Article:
#61) I'm young and people have told me I can't be a brony. At what age can you be a brony?
Answer: I've got friends who have attended brony conventions and they've seen eight year-olds dressed up as Scootaloo; at Everfree Northwest a kid of ten or so asked the voice actresses a question and received a bro-hoof in return. As long as you're old enough to understand what you're a part of, I'd say you fit in as a brony.
The whole brony 'thing', when it comes down to it, is about being a fan of the show outside of its intended audience. I'm not sure if you're male or female, but that might come into the equation, insofar as if you were a six year-old girl, you might just be classed as a fan of the show. If you were a six year-old boy, that might be slightly different. Not that I'm saying that girls and boys can't both be bronies, because they obviously can.
I think that it's the awareness that really matters. If you are aware that there is a large fanbase of people who like the show and aren't little girls, and you consider yourself part of that, then I don't see why age particularly matters. And hell, if you were a six year-old girl and you were also aware of the fandom and considered yourself as part of it, you'd probably be a brony as well.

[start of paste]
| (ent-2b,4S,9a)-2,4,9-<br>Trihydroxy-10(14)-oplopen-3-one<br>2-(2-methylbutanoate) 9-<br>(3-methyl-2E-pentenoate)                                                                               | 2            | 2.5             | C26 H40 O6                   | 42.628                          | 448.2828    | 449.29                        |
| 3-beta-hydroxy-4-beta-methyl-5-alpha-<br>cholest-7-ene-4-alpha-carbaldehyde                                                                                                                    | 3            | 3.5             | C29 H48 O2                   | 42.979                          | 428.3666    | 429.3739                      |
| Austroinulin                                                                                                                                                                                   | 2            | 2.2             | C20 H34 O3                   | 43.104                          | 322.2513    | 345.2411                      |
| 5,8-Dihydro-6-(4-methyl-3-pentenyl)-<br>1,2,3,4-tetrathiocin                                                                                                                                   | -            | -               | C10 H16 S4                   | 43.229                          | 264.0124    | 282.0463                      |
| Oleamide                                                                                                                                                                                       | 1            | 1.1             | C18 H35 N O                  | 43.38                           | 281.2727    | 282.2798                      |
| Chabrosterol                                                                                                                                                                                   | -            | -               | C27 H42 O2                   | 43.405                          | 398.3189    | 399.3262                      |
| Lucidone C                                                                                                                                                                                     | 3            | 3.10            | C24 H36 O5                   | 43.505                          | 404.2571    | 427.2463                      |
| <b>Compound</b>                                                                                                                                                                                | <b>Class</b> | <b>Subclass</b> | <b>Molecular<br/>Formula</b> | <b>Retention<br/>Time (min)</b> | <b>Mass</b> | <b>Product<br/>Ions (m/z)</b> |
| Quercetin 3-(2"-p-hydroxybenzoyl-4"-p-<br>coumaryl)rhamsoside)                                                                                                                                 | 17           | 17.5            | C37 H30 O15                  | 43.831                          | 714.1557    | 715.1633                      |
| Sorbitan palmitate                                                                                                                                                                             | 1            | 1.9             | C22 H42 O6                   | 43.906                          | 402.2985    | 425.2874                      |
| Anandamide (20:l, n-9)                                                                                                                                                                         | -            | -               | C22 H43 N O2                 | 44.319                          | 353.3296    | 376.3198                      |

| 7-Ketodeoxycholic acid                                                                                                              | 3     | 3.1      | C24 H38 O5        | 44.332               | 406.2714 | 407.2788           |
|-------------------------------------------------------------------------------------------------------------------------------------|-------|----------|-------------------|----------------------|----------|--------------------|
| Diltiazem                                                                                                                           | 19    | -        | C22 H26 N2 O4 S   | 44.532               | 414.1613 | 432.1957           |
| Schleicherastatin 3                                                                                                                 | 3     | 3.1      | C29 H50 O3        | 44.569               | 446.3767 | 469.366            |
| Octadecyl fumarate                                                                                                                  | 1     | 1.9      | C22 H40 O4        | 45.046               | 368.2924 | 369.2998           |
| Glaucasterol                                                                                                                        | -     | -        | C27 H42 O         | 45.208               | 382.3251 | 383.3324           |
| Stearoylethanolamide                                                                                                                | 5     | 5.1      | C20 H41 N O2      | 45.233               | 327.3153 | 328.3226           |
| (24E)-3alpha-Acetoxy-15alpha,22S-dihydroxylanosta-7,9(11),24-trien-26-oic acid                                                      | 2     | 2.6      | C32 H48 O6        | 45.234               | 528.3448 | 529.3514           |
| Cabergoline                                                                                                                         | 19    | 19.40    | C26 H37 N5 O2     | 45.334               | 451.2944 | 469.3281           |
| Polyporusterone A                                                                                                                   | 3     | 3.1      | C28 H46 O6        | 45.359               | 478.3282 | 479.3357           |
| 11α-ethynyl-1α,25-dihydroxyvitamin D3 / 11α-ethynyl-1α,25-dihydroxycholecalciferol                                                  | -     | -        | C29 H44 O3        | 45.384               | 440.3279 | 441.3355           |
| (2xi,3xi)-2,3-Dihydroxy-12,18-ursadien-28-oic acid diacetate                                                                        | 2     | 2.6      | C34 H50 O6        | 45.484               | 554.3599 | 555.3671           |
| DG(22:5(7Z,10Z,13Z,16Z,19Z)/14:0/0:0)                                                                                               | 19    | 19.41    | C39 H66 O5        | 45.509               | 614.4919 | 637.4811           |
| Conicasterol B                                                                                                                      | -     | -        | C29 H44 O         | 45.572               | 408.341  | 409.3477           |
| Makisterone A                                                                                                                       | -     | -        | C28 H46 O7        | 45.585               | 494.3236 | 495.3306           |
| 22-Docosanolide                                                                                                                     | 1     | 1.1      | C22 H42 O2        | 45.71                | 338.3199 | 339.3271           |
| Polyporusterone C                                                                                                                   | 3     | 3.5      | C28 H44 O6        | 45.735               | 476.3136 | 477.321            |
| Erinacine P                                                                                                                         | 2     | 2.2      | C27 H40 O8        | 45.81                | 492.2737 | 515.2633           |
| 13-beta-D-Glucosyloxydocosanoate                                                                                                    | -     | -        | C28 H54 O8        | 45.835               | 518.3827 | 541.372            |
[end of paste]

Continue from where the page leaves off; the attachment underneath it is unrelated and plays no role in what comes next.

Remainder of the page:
I have to add, though, that this sort of thing is precisely why I dislike labels. While it's natural to 'tag' yourself so that people with mutual interests can find you, it's also important that we realise that these boundaries don't really have a definition. Despite the name of this series and how I've been talking in response to this question, I don't actually like the word 'brony' at all, and instead just prefer to call people fans of "Friendship is Magic".
I'd also like to add that by embracing the 'brony' title, people aren't helping to normalise behaviour such as being an older individual and liking My Little Pony: by sticking an identifiable label on people, it alienates them from normality. What people should do, if they really want people to consider liking the show to be a normal and reasonable thing, is to drop the 'brony' moniker and just describe the show as an interest that they have. By getting rid of the 'brony' name, you would remove the stigma and the sensationalism associated with it. It would just make your interest in the show into a mundane and regular part of your life, which in turn would prevent people from isolating you based on the interest, and pointing you out as something identifiably abnormal. That, my friends, is what you should do if you want the masses to accept your interest in "Friendship is Magic".